Within the next 10 years, it’s predicted that 21% of all the energy consumed in the world will be by IT. For net-zero committed companies, that equates to a lot of carbon offsets.

Code, microservices and API bloat, or otherwise outdated architectural design decisions, will become obvious in this scenario, because the carbon offset costs these incur will be higher than for comparative teams that have slimmer, more efficient codebases. There will be nowhere for teams with libraries of inefficient APIs or microservices to hide.

The low hanging fruit on efficiency

APIs represent perhaps the single largest area of opportunity to extract greater efficiencies, due to their number and widespread use.

On some estimates, APIs are responsible for 83% of traffic running through CDNs. But how much of this traffic volume is really necessary?

One of the key design issues seen in APIs today is they return too much information, or no new information at all. Neither is really acceptable, and point to flawed design.

APIs that facilitate customer requests for data from a backend system can be overly helpful, sending 100 fields when most of the time consumers only use the top 10. Sending 90 unused and unhelpful bits of data every time that API is called means resources are being wasted.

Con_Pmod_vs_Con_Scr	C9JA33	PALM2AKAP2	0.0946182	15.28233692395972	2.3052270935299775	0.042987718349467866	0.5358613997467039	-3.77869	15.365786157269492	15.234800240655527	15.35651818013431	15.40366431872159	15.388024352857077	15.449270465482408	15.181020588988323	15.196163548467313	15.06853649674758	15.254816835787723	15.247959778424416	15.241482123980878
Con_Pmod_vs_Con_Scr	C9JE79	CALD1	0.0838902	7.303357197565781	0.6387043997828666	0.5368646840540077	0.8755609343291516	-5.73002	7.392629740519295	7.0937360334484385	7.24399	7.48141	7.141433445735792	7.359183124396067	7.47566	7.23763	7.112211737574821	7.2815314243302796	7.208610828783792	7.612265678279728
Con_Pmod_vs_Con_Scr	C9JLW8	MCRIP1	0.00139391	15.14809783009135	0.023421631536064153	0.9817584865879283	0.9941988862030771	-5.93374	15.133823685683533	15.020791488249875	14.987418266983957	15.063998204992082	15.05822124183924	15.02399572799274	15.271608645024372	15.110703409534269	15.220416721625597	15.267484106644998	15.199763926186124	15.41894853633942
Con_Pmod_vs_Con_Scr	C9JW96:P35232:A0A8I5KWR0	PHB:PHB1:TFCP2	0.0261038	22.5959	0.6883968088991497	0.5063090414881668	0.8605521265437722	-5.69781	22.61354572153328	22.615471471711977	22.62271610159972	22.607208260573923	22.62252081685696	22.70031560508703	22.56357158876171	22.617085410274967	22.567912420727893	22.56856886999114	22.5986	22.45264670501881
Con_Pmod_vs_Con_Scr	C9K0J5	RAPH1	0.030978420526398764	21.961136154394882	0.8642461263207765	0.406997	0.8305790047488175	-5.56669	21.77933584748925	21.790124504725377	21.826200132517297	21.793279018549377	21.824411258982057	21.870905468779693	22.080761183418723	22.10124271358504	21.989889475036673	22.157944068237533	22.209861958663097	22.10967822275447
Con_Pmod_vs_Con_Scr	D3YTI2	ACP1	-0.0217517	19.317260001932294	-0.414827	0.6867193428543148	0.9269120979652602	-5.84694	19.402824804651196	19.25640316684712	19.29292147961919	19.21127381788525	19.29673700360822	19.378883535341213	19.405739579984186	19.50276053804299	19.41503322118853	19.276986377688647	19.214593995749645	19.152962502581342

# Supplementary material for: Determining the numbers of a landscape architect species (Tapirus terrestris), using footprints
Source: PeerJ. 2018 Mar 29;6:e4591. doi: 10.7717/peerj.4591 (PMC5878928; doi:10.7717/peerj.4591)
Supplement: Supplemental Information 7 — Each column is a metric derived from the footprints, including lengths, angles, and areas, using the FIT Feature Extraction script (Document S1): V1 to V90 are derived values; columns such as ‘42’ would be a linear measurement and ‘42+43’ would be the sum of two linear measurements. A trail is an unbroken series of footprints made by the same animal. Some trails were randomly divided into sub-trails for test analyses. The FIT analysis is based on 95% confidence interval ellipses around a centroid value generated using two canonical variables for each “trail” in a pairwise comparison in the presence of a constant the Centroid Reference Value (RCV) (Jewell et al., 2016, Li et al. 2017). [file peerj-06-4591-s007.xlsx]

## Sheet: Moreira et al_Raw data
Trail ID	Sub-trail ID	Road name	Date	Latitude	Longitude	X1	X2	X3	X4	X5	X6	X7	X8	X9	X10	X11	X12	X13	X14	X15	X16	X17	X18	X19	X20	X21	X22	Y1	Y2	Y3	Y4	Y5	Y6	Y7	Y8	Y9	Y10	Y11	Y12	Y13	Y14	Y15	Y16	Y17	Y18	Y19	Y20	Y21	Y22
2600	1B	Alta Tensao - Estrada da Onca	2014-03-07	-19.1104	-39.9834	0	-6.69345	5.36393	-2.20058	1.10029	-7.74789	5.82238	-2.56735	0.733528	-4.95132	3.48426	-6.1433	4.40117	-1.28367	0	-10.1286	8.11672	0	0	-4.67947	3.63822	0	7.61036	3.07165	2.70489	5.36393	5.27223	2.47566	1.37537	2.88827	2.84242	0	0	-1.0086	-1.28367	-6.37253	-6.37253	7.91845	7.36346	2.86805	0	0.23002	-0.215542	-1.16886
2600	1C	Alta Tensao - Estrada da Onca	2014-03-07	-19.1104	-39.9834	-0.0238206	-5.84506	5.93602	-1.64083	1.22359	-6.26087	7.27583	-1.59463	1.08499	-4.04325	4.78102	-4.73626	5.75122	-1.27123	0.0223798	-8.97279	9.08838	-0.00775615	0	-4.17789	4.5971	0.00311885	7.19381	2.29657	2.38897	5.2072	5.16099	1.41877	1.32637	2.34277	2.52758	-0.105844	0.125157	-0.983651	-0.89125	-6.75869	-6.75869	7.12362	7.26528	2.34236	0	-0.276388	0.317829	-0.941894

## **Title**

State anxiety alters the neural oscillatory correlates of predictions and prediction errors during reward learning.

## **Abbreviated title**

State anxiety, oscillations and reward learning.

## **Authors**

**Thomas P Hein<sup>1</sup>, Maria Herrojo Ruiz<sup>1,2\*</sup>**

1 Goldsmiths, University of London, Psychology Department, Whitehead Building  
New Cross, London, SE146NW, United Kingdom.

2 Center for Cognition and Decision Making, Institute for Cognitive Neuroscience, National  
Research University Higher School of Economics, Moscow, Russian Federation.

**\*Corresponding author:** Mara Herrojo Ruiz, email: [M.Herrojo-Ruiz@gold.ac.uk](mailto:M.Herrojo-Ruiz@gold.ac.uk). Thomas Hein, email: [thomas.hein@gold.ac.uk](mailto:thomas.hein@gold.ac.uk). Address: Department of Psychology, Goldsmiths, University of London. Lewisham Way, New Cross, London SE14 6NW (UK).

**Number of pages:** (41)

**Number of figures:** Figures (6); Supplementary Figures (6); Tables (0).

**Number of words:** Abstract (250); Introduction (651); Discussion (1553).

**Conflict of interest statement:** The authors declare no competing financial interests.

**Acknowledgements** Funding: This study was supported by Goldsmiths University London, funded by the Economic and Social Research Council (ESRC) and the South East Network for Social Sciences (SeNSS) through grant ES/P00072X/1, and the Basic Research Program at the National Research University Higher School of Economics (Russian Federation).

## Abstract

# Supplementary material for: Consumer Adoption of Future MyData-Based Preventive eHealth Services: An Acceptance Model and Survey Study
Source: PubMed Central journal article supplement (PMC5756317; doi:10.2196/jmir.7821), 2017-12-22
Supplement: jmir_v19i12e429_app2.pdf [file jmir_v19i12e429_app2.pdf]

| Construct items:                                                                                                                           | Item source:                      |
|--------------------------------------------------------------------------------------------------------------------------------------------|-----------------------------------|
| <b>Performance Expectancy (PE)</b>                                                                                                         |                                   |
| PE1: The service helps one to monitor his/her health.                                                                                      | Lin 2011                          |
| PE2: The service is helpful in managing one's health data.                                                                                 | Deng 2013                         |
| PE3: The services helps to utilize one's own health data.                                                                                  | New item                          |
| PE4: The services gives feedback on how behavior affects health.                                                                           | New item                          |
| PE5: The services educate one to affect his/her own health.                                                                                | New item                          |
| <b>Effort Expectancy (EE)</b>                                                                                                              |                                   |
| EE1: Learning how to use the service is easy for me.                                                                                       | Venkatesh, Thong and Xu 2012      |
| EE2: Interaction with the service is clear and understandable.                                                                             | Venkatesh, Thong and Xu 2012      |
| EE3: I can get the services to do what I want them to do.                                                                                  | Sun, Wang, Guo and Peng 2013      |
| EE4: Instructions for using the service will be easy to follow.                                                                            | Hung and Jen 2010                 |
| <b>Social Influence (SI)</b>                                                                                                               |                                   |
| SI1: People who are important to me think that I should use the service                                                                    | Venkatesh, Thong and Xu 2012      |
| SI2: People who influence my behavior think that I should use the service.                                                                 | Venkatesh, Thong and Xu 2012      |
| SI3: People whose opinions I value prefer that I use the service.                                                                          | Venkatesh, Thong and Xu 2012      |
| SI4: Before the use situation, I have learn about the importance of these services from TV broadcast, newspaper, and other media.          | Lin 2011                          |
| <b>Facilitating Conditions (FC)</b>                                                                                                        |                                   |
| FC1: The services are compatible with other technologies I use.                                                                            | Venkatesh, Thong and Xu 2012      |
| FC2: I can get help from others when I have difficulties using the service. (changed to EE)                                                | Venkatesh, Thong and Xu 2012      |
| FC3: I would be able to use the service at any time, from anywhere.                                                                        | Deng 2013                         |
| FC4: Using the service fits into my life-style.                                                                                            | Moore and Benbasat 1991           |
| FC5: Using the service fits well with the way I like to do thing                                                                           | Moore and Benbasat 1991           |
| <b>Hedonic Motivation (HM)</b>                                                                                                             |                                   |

Consider building a parser to enable consumers to pass the name of the fields they want in the request (GET /customer/32944?fields=name,email), or building in GraphQL instead of REST so consumers can specify only the fields they need; but bear in mind consumers will need to be educated on how to make computationally efficient requests rather than always asking for everything. Using a tool like Insomnia you can also help optimise and perfect the design of your API so you can make sure what you build isn’t wasteful or unnecessary.

An increasing number of APIs don’t respond to customer requests for data, but are set up to automatically poll a system, potentially every x seconds, looking for changes that they can extract for downstream processing. The proliferation of these types of APIs is why 98.5% of API polls don’t return any new information. The vast majority of polls are a total waste of energy because the polling frequency is set too high. An efficient service polling for updates every 10 seconds will be worse than an efficient service that just pushes updates when there are some. And when there is an update, we just want the new data to be sent, not the full record. Policies like rate limiting can be implemented in an API gateway to control how many requests a client can make in any given time period.

To reduce the energy consumption of APIs, we must ensure they are as efficient as possible. We need to eliminate unnecessary processing, minimise their infrastructure footprint and monitor and govern their consumption.

When you use an API management platform that is itself efficient and reduces your infrastructure footprint, you are in a much better position to ensure your APIs are built and managed with sustainability in mind. At the same time, you can play your part in making IT decisions today to support our precious planet and its future.